Surprisingly, Research Shows Blue Whales Interbreed with Other Species

  • Recently, researchers discovered the fact that there is a hanky panky or 'affair' between blue whales (Balaenoptera musculus) and fin whales (Balaenoptera physalus) and gave birth to 'flue' whales or 'chimney' whales.
  • Researchers suspect the mating system is outside the blue whale species to avoid inbreeding.
  • This research provides new insights into the population structure and demographic history of blue whales.
  • From the data collected, the current population of blue whales, which are vulnerable to extinction, is estimated to be only 15,000 in the world. The blue whale population plummeted due to massive hunting at the beginning of the 20th century.

Recently, researchers discovered the fact that there is a hanky panky or 'affair' between blue whales ( Balaenoptera musculus ) and fin whales ( Balaenoptera physalus ). Interestingly, this phenomenon has been going on for a long time.

The researchers found 3.5 percent of blue whale DNA was in fin whales. This certainly sparked curiosity that the largest creatures on earth could actually mate with animals that were 85 tonnes smaller than them.

The blue whale population plummeted due to massive hunting at the beginning of the 20th century. As a result, blue whales are included in the list of endangered species by the International Union for Conservation of Nature ( IUCN ). However, based on the latest data their population is slowly increasing throughout the world.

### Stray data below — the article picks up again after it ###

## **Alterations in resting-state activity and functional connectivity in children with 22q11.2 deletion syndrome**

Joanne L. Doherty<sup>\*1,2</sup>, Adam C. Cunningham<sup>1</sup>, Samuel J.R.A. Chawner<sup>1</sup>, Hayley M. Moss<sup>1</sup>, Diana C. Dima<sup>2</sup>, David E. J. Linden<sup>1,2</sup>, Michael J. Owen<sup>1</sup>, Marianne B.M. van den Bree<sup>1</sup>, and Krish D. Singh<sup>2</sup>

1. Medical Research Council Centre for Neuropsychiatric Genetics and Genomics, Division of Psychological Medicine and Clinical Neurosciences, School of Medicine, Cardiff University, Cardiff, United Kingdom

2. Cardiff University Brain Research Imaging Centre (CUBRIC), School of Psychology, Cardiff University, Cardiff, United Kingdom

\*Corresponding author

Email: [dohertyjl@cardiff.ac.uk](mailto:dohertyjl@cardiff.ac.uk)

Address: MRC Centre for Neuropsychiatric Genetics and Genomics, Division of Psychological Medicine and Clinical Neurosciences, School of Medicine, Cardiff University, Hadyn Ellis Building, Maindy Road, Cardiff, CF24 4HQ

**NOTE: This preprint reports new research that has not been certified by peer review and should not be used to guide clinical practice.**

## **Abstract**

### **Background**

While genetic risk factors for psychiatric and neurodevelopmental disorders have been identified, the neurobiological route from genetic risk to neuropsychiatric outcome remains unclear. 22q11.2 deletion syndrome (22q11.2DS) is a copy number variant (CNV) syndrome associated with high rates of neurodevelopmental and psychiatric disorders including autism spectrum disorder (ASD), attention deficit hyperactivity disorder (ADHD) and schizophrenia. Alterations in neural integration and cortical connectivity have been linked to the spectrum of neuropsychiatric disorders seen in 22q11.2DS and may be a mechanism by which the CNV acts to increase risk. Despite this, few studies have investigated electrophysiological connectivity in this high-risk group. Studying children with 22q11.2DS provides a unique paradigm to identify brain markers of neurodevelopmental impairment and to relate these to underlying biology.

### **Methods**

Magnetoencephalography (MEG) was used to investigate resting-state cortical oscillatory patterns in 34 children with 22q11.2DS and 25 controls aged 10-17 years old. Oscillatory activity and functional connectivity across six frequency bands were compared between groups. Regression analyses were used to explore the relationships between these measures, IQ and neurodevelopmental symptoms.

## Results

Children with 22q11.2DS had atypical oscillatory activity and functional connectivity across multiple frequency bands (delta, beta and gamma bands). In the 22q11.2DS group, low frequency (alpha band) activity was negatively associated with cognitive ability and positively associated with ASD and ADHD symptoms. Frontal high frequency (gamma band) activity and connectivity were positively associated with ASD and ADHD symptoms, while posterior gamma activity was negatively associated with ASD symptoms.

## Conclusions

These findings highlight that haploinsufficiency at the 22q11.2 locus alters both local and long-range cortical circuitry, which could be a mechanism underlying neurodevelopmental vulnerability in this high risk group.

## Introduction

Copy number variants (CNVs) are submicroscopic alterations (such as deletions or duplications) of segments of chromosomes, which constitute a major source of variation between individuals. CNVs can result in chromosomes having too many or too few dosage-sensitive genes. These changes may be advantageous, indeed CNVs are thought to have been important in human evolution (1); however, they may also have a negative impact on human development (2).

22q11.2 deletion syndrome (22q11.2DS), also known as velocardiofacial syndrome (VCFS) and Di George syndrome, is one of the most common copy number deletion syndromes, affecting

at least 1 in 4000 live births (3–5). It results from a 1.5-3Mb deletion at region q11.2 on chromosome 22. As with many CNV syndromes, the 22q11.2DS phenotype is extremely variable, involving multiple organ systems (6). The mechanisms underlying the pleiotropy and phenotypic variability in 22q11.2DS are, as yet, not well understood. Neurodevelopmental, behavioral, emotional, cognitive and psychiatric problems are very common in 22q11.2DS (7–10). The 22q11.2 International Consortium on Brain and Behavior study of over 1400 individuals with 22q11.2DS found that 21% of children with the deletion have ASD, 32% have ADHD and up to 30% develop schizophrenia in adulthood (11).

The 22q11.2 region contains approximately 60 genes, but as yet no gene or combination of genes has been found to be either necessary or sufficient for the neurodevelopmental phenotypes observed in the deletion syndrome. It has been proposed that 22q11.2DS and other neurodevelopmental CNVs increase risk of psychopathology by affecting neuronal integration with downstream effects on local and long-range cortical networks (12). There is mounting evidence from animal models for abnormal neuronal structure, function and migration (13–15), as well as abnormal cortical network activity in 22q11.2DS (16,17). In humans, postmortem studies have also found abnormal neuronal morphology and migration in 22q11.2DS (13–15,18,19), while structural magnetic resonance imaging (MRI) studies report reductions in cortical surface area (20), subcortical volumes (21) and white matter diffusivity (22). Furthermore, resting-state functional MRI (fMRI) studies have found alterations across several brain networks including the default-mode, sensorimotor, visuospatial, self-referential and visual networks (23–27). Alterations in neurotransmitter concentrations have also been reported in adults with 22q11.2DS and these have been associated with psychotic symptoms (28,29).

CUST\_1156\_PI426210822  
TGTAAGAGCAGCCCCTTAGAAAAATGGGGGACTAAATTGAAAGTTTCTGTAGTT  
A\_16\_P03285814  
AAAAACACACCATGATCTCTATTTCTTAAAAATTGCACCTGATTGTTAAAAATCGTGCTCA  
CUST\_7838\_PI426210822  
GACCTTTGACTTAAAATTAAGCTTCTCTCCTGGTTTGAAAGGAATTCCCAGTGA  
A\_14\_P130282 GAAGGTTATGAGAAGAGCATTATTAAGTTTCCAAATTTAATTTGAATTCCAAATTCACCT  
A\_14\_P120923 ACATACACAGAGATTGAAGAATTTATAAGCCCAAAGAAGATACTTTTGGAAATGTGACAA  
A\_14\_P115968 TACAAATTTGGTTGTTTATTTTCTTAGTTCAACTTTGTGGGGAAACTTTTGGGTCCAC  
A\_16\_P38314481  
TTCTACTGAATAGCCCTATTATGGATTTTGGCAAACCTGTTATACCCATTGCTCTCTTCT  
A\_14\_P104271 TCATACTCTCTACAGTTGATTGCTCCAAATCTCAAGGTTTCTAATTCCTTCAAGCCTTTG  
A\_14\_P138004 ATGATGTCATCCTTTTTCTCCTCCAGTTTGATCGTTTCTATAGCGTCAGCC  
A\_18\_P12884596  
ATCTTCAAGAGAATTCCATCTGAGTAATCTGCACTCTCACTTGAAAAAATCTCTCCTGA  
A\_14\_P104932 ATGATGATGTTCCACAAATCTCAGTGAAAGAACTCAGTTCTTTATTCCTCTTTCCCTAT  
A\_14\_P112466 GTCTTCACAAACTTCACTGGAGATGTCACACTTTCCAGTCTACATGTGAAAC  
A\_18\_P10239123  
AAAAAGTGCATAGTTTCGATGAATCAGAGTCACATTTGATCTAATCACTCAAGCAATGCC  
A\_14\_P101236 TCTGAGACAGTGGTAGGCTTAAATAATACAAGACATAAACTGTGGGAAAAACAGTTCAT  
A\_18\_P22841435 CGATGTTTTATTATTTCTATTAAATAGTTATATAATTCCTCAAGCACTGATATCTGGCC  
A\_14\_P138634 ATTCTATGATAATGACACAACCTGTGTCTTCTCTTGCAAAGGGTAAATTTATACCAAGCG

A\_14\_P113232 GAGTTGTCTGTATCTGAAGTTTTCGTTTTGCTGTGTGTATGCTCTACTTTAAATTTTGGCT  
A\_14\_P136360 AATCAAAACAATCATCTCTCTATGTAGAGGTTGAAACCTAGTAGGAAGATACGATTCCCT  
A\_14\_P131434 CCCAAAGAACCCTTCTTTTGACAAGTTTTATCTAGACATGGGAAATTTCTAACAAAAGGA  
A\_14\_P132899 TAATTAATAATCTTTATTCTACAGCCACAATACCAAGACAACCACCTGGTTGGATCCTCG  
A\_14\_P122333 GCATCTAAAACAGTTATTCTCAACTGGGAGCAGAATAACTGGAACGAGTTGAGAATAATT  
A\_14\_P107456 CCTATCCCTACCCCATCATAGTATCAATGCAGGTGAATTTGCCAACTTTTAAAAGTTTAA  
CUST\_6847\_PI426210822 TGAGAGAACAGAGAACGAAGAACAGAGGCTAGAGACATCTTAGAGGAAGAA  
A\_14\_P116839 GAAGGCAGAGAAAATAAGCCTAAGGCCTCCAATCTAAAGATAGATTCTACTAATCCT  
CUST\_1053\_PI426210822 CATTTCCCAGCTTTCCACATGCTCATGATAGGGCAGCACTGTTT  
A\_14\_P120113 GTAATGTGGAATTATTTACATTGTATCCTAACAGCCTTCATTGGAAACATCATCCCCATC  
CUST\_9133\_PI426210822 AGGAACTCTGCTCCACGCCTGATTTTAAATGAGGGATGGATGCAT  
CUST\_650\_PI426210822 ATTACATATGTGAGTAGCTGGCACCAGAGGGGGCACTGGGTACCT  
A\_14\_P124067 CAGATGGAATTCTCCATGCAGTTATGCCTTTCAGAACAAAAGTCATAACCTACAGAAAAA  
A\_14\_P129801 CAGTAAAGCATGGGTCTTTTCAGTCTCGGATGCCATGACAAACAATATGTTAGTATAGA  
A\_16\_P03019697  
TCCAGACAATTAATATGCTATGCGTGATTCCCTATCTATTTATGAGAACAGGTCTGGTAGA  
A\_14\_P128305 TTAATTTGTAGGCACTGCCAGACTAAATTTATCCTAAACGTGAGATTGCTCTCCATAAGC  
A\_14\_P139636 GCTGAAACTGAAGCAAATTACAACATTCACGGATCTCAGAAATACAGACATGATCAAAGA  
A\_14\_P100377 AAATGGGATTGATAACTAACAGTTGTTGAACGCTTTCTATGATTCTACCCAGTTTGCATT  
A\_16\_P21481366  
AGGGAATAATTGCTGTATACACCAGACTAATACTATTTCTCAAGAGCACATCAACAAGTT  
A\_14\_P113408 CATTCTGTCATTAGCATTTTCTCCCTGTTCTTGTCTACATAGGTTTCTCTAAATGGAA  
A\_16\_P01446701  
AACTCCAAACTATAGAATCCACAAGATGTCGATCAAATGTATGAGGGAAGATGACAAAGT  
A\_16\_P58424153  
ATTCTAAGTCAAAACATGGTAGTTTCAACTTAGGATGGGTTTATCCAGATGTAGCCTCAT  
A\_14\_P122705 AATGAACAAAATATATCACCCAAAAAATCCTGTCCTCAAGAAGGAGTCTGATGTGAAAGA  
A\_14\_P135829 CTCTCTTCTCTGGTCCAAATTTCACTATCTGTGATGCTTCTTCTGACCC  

Regarding their DNA, in the journal Conservation Genetics published January 6 2024, researchers began analyzing the blue whale genome to look for signs of inbreeding. But instead they found crossbreeding of genes outside the species.

"Our results provide new insights into the population structure and demographic history of blue whales from the North Atlantic, as well as documenting the extent of fin whale introgression," said Sushma Jossey of the Royal Ontario Museum, Canada.

The surprising part, he says, is that most hybrid animals (the offspring of two different species) tend to be infertile. Because this animal is similar to a mule (a hybrid of a donkey and a horse) and a liger (a hybrid of a lion and a tiger).

The reason is that the hybrid parent does not have viable genetic material to produce sperm or egg cells. Indeed, there are also certain genetic factors that make it capable of hybridization or producing infertile (barren) offspring.

Research on fin whales has found no evidence that this species inherited blue whale DNA through introgression. So, it appears that only blue whales are capable or perhaps willing to reproduce with these whale hybrids.

In the case of blue whales and fin whales, it turns out that both have 44 pairs of chromosomes which tend to be identical when genetic tests are carried out. Even though they both come from different genera.

For example, the case of a hybrid whale was first discovered in Icelandic waters in 1986. Where the hybrid fin whale was identified as containing a fetus fertilized by a blue whale.